Masaccio, who was probably the first to transpose the rules of vanishing point perspective developed by Brunelleschi into a painting (Trinity, 1427; Florence, Santa Maria Novella) and thus caused a sensation, still understood nimbs or a halo quite materially as a golden disc behind the head of the person in question and even subjected them to perspective foreshortening, which sometimes led to curious results, as can be seen for example in his “Zinsgroschen” fresco in the Brancacci Chapel in Florence.

The Early Dutch, however, drew a different conclusion: halos are not visible in nature. Jan van Eyck, one of the earliest of the Early Dutch, interpreted them at least as a glimmer of light or a halo of rays and hinted at one by showing rays of light behind the head of the saint he depicted.

But the Campin follower, who painted the “Madonna in front of the fireplace umbrella”, went further: With him neither the Blessed Mother nor the – by the way, unusually childlike looking – boy Jesus gets such a really non-existent halo.

However, he then quite obviously became afraid of his own courage. After all, he broke with a tradition that had been going back for centuries. To depict a saint without a halo might appear to him as all too brave, if not as a sacrilege, which would entail the furious protest of the pious onlookers or worshippers and perhaps other consequences for the painter.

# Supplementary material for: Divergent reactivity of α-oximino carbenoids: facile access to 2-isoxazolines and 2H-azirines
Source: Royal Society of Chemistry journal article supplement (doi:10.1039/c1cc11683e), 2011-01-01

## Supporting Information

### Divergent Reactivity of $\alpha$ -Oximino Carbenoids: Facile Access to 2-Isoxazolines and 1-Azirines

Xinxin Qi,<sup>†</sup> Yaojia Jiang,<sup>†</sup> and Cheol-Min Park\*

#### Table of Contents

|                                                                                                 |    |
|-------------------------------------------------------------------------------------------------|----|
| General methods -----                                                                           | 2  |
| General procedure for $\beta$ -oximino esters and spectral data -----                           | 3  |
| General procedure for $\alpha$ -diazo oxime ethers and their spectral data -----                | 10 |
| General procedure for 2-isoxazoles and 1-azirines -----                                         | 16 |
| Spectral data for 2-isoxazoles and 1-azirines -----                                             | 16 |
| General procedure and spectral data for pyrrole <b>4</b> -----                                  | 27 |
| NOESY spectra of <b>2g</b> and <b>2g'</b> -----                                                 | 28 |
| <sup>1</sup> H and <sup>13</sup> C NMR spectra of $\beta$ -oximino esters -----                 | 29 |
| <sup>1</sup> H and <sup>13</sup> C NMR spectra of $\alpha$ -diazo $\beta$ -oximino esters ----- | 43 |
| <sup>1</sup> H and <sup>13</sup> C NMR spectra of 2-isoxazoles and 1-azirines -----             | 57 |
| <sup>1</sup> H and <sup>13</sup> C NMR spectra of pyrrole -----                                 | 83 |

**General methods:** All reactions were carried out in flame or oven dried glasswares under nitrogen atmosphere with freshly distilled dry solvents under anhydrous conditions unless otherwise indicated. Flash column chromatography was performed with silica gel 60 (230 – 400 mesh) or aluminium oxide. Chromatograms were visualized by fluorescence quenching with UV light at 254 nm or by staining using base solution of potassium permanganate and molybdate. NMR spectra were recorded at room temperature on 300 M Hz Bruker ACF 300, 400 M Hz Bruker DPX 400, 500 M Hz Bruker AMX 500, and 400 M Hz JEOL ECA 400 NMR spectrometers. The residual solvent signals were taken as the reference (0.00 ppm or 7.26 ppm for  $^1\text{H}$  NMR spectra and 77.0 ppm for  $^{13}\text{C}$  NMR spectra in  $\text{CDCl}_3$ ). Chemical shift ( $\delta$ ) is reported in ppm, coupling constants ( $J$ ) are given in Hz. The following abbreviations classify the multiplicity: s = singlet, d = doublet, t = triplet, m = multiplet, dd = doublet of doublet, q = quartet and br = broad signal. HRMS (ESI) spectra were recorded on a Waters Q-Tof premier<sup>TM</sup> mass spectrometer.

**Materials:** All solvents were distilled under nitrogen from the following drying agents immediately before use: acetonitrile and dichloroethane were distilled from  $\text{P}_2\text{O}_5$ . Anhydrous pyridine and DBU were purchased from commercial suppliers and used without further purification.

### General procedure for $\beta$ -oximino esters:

His solution

He positioned the umbrella, which was superficially supposed to protect Mary’s parlor from the flying sparks, in such a way that it came to stand exactly – i.e. not approximately and thus coincidentally – behind the Blessed Mother and in this way optically took on the function of a nimbus. Thus, on the one hand, he does not represent anything that cannot actually be seen with the eyes of the flesh in ‘nature’, but on the other hand he still distinguishes the Blessed Mother optically, as if she had a nimbus!

Incidentally, the Virgin Mary nursing the Christ Child (technical term: Maria lactans) is also a type of Virgin Mary depiction that only became widespread in the late Middle Ages (famous depiction: Jean Fouquet, Madonna with Child surrounded by Angels, c. 1450; Antwerp, Royal Museum of Fine Arts).